Probably the biggest rush a foodie ever gets is the personal discovery of a great new chef. Long before I was a food writer and way before they’d become household names, I remember the immense satisfaction of eating in little known New York City restaurants like Miracle Grill in the East Village where Bobby Flay worked as executive chef, or Mario Batali’s little Po restaurant on Cornelia Street. I dined three times at my favorite neighborhood bistro'Tony Bourdain’s Les Halles on Park Avenue in Midtown Manhattan'the very week it opened and many more after that.
But the good luck of finding such restaurants and chefs puts the food writer in a pickle: Should you share your good fortune with the rest of the world or keep your most delectable discoveries to yourself? There’s always the risk of overhyping a restaurant, which can hurt more than help. Then there’s the crowd factor: Do I really want my favorite restaurants diminished by their own popularity?
In this case, I’m not too worried. I have indeed discovered a top-notch chef in our midst, but he’s far enough off the beaten path that I don’t fret long lines waiting for his tables. The kitchen master I speak of is Elio Scanu, executive chef at Snowbasin resort. Toiling at Snowbasin puts him far enough off the culinary map that probably only the most deranged foodies will bother to seek him out. On the other hand, I suspect that many of the regulars at Snowbasin don’t even realize the knowledge, technique and talent behind the sensational food they enjoy there.
Originally from Asti'near Torino in Italy'Scanu grew up and worked in Europe, the United States and South America. His father was an Italian pilot who met his Venezuelan wife on a Caracas run, and Chef Scanu has worked at the acclaimed Intermezzo Restaurant in Merida, Venezuela, as well as at Roberto Donna’s prestigious Washington, D.C., restaurant, Galileo. When oil billionaire and resort/hotel owner Earl Holding (Sun Valley, Snowbasin, Grand America, Little America, etc.) decided to upgrade the lodges and dining facilities at Snowbasin, he had the wisdom to hire a world-class chef in Scanu. Grand America is commonly thought to be Holding’s most glistening gem, but I think Scanu is Earl’s pearl.
As at most modern ski resorts, dining at Snowbasin runs the gamut from the upscale cafeteria-style food stations at Earl’s Lodge to fine dining in Earl’s Lounge. The lodge features highest quality pizzas from a wood-fire oven, along with tamale, sandwich, grill and potato stations where skiers can chow on gourmet items like smoked shrimp and lobster or poblano pork and pineapple tamales. Up at the 8,900-foot John Paul Lodge, downhillers will discover the wonders of Snowbasin’s incredible burgers: One-third pound of certified organic corn-fed Brawley chuck ($8.50), grilled up exactly the way you like it and served with crisp shoestring potatoes and a choice of cheeses. At the elegant Needles Lodge and its glassed-in heated patio with unsurpassed vistas, you’ll find Austrian and German-influenced specials ($11) such as sauerbraten, beef Stroganoff and German sausages with spaetzle, sauerkraut, veggies and a home-baked roll.
Indeed, the food throughout Snowbasin resort is exceptional. But it’s at Earl’s Lounge and weekend lunch/brunch in the Huntington Room where Scanu really struts his stuff. I enjoyed a couple of lunches there recently'the lounge is open until 5 p.m.'that simply knocked my socks off. It’d take another entire column to describe in-depth Scanu’s amazing feasts, so I’ll just give you an enticing snapshot of last week’s Snowbasin lunch at Earl’s Lounge. It all began with a bowl of steamed Littleneck and Manila clams served in a green curry and Riesling broth atop Blue Point and Pacific oysters. The next course was a stunningly tender Chilean sea bass filet perched on top of homemade ravioli stuffed with purÃ©ed fava beans and minced white fat from imported prosciutto. Accompanying the bass was freshly made squid-ink and sea-salt linguine and a rich, remarkable “glace de viande.” I don’t know that I’ve ever enjoyed a dish more than this one.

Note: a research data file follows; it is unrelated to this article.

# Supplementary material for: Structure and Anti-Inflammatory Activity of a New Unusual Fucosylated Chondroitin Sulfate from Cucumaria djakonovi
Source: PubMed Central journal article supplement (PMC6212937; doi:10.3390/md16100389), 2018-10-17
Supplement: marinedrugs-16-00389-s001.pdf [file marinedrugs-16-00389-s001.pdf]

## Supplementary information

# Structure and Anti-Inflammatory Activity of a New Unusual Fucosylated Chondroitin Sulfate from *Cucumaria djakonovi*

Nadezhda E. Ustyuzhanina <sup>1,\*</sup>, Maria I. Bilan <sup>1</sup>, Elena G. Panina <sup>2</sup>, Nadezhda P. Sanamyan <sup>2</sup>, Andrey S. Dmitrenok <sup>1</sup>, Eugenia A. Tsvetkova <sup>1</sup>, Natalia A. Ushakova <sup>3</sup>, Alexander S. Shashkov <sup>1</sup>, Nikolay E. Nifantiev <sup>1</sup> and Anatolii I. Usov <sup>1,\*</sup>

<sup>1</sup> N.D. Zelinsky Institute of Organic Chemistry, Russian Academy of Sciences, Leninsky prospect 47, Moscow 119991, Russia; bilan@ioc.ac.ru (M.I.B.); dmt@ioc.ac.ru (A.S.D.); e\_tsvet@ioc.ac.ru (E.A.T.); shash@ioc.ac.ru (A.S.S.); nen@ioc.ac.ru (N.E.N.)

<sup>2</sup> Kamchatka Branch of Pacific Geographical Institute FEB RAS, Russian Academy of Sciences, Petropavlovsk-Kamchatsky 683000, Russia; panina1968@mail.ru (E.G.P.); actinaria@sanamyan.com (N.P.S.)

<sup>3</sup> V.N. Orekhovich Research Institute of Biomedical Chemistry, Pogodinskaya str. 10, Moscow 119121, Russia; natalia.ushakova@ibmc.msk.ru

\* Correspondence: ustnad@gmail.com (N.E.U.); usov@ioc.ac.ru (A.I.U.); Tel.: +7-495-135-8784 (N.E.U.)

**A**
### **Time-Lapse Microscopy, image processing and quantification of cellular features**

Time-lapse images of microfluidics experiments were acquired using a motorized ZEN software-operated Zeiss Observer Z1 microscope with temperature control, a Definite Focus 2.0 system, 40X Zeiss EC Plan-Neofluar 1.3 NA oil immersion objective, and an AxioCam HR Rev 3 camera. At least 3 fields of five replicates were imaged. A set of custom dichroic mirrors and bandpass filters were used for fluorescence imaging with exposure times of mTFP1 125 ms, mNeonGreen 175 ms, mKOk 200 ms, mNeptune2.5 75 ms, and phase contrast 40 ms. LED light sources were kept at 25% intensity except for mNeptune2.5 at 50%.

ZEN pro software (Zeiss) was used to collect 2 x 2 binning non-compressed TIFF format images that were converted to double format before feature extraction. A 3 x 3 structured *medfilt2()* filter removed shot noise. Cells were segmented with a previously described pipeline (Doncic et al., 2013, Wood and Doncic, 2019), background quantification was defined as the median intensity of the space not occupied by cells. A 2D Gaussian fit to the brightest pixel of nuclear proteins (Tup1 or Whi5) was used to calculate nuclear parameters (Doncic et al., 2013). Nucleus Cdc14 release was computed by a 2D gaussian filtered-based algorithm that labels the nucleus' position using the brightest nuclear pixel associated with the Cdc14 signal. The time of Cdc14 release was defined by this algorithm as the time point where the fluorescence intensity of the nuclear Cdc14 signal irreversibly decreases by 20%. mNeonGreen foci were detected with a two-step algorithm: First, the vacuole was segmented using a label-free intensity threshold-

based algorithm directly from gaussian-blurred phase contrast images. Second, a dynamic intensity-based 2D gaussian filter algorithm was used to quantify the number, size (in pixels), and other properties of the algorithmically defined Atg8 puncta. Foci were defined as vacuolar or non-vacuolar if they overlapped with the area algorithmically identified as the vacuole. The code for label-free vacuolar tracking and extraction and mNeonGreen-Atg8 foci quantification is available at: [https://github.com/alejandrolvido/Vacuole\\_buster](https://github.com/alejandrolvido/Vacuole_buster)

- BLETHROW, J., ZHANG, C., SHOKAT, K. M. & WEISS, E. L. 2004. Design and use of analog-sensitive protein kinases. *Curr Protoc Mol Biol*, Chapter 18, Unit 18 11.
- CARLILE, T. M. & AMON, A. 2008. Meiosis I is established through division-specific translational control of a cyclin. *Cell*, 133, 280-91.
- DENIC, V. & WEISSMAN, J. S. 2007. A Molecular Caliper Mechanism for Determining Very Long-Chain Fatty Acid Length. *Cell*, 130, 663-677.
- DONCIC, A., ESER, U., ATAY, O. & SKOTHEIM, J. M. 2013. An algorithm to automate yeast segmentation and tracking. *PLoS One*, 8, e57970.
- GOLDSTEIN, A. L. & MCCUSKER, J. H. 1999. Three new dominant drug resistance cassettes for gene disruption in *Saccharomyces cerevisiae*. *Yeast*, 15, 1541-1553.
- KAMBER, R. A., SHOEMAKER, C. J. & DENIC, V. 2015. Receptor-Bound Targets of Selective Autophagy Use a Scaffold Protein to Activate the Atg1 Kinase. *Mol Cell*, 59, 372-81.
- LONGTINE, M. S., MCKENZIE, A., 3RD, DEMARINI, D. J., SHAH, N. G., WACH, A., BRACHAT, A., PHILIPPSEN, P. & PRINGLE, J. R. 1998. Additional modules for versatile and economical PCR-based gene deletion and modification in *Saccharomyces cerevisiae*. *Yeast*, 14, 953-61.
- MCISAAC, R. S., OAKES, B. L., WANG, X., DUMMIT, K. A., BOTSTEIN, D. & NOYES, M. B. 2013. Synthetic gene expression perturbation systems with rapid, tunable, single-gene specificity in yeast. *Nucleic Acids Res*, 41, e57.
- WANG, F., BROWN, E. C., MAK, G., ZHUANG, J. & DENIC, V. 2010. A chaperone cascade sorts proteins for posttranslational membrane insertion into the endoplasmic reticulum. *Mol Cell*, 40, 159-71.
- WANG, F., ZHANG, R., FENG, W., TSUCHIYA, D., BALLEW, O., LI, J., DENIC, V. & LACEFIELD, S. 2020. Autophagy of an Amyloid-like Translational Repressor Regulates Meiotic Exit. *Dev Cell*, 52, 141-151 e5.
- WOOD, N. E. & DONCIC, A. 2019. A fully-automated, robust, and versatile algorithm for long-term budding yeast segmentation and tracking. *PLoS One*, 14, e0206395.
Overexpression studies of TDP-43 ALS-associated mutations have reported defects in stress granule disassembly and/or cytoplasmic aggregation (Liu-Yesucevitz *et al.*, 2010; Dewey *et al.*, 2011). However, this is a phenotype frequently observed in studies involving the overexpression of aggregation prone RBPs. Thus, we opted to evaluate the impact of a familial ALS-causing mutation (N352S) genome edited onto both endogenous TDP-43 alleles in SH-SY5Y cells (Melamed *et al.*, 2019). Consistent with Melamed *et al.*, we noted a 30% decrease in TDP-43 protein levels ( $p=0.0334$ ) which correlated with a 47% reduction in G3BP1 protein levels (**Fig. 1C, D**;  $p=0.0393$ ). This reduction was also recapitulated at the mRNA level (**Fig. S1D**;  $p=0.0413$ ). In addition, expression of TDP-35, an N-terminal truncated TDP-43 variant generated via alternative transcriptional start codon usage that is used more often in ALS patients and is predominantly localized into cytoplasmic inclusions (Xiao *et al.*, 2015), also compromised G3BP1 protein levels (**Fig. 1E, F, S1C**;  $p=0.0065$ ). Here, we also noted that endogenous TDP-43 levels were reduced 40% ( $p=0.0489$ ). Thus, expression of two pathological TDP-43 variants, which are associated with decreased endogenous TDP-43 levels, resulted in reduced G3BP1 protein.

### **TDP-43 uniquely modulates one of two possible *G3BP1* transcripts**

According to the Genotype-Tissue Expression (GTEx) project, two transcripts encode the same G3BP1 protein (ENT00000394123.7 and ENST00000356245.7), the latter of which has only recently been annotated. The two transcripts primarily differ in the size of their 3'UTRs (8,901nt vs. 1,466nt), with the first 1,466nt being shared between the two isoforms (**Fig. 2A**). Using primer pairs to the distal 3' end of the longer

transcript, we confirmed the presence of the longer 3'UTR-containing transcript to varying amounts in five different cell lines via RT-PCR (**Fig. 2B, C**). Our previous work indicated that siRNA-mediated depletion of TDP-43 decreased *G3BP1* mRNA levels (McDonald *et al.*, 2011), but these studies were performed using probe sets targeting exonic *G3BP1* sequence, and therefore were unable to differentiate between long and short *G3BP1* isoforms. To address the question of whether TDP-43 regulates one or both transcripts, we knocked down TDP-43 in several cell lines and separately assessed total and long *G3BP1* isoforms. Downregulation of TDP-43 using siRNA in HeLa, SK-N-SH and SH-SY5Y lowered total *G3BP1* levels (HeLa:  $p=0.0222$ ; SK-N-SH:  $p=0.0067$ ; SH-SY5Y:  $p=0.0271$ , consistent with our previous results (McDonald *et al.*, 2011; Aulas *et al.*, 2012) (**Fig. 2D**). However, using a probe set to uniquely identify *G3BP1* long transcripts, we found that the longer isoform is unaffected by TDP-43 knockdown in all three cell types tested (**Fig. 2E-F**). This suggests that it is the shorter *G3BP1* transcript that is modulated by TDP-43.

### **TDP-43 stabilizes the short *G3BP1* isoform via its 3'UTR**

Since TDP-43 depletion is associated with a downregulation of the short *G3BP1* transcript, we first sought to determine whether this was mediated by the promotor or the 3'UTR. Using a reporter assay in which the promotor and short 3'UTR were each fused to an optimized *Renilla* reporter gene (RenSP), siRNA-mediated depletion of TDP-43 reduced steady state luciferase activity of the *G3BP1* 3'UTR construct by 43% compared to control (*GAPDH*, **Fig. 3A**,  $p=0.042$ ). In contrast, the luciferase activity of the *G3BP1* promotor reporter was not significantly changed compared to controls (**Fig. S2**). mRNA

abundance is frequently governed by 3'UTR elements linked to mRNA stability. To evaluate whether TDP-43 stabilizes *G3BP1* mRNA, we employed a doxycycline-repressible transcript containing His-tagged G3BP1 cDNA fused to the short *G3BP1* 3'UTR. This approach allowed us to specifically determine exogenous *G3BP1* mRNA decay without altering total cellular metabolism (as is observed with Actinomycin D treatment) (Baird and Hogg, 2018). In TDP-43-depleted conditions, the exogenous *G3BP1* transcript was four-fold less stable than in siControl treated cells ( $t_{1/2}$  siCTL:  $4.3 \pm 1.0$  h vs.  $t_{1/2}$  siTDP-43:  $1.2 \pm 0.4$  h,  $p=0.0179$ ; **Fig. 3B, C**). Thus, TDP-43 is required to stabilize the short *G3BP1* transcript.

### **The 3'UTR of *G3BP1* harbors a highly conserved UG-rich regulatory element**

But we were only halfway through lunch. As my out-of-town East Coast visitors became more and more enthusiastic about Utah cooking, we worked our way through an “intermezzo” of tuna tartar served in a rectangular cucumber “cup” followed by an artfully presented trio of perfectly (small) portioned Scanu creations: A lamb “lollipop” with a Port and cranberry-reduction sauce over Sicilian caponatina; a chicken saltimbocca “sphereâ€; and a fork-tender Brawley Beef tenderloin served over potato mousseline with white-truffle oil. Not that we had an iota of room left for dessert, but how could we possibly pass on a fresh berry “soup” with Grand Marnier, pepper, lavender honey, Point Reyes chevre and little wild-rice pops that look like worms!
Terrific service from friendly gals like Nikole and Nicole just make dining at Snowbasin all that much more enjoyable. My only complaint about eating there is that the food and drink is so delightful at Snowbasin, you’ll find yourself lingering longer and longer at lunch, thereby sacrificing some of the more tantalizing skiable terrain on the planet. So my advice might be to head up to Snowbasin on a day when you don’t plan to ski'for lunch or brunch in one of its remarkable restaurants. There, you’ll discover a chef named Elio Scanu, before he gets too well known to stick around Utah.